"I have considered the days of old, the years of long ago. I will remember my song in the night; I will meditate with my heart; and my spirit ponders. . . . I shall remember the deeds of the Lord; surely I will remember Thy wonders of old. I will meditate on all Thy work, and muse on Thy deeds" (Ps. 77:5-6,11-12).
"Great are the works of the Lord; they are studied by all who delight in them" (Ps. 111:2).
"Make me understand the way of Thy precepts, so I will meditate on Thy wonders" (Ps. 119:27).
"I will remember the days of old; I meditate on all Thy doings; I muse on the work of Thy hands" (Ps. 143:5).
"On the glorious splendor of Thy majesty, and on Thy wonderful works, I will meditate" (Ps. 145:5).
"If then you have been raised up with Christ, keep seeking the things above, where Christ is, seated at the right hand of God. Set your mind on the things above, not on the things that are on earth" (Col. 3:1-2).
"Fixing our eyes on Jesus, the author and perfecter of faith . . . for consider Him . . ." (Heb. 12:2-3).
Other texts on Meditation
"Let the words of my mouth and the meditation of my heart be acceptable in Thy sight, O Lord, my rock and my Redeemer" (Ps. 19:14).
"Let my meditation be pleasing to Him; as for me, I shall be glad in the Lord" (Ps. 104:34).
"Cease striving and know that I am God" (Ps. 46:10).
"My mouth will speak wisdom; and the meditation of my heart will be understanding" (Ps. 49:3).
"Finally, brethren, whatever is true, whatever is honorable, whatever is right, whatever is pure, whatever is lovely, whatever is of good repute, if there is any excellence and if anything worthy of praise, let your mind dwell on these things" (Phil. 4:8).
Clearly biblical meditation does not entail the emptying of one’s mind but filling it with God and his revealed truths. The believer isn’t passive in meditation but actively and energetically focused on God. If the believer disengages from the distractions and allurements of the world, it is in order that he/she might engage or attach with the Father, Son, and Holy Spirit. Unlike eastern meditation, which advocates an inner journey to find the center of one's being, Christian meditation calls for an outward focus on the objective revelation of God in Scripture and creation.
Finally, the promise of “prosperity” in v. 8, contrary to what many have thought, is not financial wealth. The two words used here, to “prosper” and “succeed” almost never in the OT speak of financial success. They refer to succeeding in the many endeavors and tasks that life poses. The word “to prosper” occurs 69x in OT and 59 of them mean to succeed in one’s endeavors. The word “to succeed” occurs 78x, typical of which are 1 Kings 2:3 and 2 Kings 18:5-6,7.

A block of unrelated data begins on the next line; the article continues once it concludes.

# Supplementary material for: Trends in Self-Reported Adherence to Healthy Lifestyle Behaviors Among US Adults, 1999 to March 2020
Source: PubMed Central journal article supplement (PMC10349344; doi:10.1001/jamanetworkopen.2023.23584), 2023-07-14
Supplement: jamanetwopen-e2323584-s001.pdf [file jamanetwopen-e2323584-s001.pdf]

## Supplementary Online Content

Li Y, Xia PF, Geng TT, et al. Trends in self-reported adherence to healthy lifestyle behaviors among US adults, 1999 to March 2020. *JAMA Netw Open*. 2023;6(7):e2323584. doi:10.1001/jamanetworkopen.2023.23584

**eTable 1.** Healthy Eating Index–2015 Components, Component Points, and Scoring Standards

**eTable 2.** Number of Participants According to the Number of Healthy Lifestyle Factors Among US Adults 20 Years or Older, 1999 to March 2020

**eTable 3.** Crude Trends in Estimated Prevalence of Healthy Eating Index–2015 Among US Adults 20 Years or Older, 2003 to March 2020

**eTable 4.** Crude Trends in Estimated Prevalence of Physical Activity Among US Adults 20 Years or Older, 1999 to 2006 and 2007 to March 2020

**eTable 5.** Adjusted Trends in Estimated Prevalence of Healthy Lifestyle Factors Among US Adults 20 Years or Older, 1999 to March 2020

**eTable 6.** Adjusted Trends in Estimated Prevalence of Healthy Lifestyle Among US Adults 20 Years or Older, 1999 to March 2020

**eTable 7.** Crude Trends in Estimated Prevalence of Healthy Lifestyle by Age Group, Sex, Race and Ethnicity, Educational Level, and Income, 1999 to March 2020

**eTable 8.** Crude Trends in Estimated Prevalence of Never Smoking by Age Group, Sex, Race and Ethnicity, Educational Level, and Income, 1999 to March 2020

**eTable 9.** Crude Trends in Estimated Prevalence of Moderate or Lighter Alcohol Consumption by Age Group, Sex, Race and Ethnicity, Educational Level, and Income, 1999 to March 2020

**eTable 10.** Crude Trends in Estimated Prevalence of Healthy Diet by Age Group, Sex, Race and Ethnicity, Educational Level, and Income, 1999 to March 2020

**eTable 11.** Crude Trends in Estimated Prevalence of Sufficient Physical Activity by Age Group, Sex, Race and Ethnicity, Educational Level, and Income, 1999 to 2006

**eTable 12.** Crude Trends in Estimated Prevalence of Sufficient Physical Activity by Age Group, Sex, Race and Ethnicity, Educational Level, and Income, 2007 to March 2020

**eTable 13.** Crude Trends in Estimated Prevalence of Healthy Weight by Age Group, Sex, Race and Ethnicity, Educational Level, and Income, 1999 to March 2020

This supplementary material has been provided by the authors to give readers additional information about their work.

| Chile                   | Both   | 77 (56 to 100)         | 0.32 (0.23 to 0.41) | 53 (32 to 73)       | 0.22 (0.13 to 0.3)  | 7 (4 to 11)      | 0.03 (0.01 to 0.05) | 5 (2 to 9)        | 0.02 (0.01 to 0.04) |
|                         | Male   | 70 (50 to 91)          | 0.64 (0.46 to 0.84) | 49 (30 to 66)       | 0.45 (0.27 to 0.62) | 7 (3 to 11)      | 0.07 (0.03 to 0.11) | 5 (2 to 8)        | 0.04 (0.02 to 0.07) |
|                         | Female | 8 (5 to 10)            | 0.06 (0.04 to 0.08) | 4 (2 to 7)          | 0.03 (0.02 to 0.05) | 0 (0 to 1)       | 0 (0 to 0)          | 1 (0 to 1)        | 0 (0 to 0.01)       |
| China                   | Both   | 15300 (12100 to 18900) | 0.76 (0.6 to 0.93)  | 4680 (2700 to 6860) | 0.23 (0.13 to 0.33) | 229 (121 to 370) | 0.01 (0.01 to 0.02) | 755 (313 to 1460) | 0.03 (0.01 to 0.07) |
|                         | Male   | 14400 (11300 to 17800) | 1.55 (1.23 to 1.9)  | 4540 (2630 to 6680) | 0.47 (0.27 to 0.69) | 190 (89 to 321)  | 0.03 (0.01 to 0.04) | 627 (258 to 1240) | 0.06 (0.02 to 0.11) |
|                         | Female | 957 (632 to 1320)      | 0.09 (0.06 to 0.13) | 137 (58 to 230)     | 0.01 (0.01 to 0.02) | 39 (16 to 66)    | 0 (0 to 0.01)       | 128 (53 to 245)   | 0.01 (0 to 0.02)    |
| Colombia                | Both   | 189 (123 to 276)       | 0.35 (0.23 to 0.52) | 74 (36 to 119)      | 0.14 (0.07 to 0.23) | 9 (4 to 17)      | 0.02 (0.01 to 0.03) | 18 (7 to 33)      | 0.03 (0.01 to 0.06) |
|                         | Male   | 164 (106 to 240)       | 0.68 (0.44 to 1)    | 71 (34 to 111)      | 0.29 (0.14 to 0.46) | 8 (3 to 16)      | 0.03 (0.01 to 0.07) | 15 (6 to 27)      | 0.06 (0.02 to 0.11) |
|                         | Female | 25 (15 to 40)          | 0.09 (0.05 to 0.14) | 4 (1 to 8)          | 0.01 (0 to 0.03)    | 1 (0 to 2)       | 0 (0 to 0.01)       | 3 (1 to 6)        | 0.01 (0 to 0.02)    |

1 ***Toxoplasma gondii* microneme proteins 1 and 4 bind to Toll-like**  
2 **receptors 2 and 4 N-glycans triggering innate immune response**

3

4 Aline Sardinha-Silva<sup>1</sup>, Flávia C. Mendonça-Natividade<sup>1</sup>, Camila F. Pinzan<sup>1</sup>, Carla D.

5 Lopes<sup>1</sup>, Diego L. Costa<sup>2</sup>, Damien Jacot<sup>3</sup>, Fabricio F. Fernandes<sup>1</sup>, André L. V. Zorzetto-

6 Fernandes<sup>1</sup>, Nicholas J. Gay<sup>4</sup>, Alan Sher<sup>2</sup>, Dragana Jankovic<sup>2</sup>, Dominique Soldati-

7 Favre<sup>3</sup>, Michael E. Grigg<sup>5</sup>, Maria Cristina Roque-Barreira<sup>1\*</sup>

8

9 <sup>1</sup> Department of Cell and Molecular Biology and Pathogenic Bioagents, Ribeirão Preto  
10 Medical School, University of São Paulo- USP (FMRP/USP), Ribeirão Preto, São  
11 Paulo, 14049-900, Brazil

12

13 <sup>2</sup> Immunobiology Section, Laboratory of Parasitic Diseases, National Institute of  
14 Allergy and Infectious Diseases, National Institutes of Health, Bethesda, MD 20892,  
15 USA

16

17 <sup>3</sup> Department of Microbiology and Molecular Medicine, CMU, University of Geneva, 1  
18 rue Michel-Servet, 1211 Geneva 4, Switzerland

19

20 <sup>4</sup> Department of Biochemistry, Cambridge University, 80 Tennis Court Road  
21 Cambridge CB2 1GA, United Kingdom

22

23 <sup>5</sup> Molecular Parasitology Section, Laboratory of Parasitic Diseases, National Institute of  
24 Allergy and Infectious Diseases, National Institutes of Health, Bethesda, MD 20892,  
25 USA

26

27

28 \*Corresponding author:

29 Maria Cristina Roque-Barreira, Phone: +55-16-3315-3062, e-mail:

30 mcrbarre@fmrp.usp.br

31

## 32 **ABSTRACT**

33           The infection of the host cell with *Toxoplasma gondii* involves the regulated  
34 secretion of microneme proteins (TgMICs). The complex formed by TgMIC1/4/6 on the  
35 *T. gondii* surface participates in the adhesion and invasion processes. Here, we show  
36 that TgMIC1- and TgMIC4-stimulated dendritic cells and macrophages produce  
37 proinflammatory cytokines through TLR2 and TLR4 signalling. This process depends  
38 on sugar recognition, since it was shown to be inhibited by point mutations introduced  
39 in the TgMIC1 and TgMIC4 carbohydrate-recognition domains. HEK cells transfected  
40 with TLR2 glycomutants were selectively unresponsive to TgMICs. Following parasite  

In closing, we shouldn’t overlook the three times that God exhorts Joshua: “Be strong and courageous” (vv. 6, 7, 9). What exactly does he mean by this?
Courage is the determination to obey God irrespective of the cost or consequences. Courage is that state of mind and heart which loves God more than it fears men. Courage is what Pastor Yousef is displaying in that Iranian prison. Courage is what Martin Luther displayed at the Diet of Worms in 1521 when he stood up to the Emperor and Pope, declaring: “My conscience is bound to the Word of God. Here I stand. I can do no other. God help me.” Courage is seizing the opportunity to explain the gospel to a co-worker or neighbor or friend knowing that it may well cost you business opportunities and perhaps even your reputation.
Conclusion: Where do you need the most help today? What is it that you feel is hindering courage and paralyzing obedience? Consider the three major points of this passage:
Do you doubt the validity of God’s promises? Do you question his reliability? Do you wonder if he is ever going to come through in the way he said he would?
Have you lost any sense of God’s presence? Do you fear he may have abandoned you? Does he seem remote and indifferent to your needs? Are you afraid of facing life alone and without him?
Can you honestly say that the principles and truths of God’s Word are functioning as the guiding force in your life? Have you grown cold to Scripture? Do you meditate on its truths?
If we are ever to experience the strength and courage that God requires, we must first avail ourselves and immerse our souls in these three foundational realities: Trust God’s promises for you! Abide in God’s presence with you! Meditate on God’s Word in you!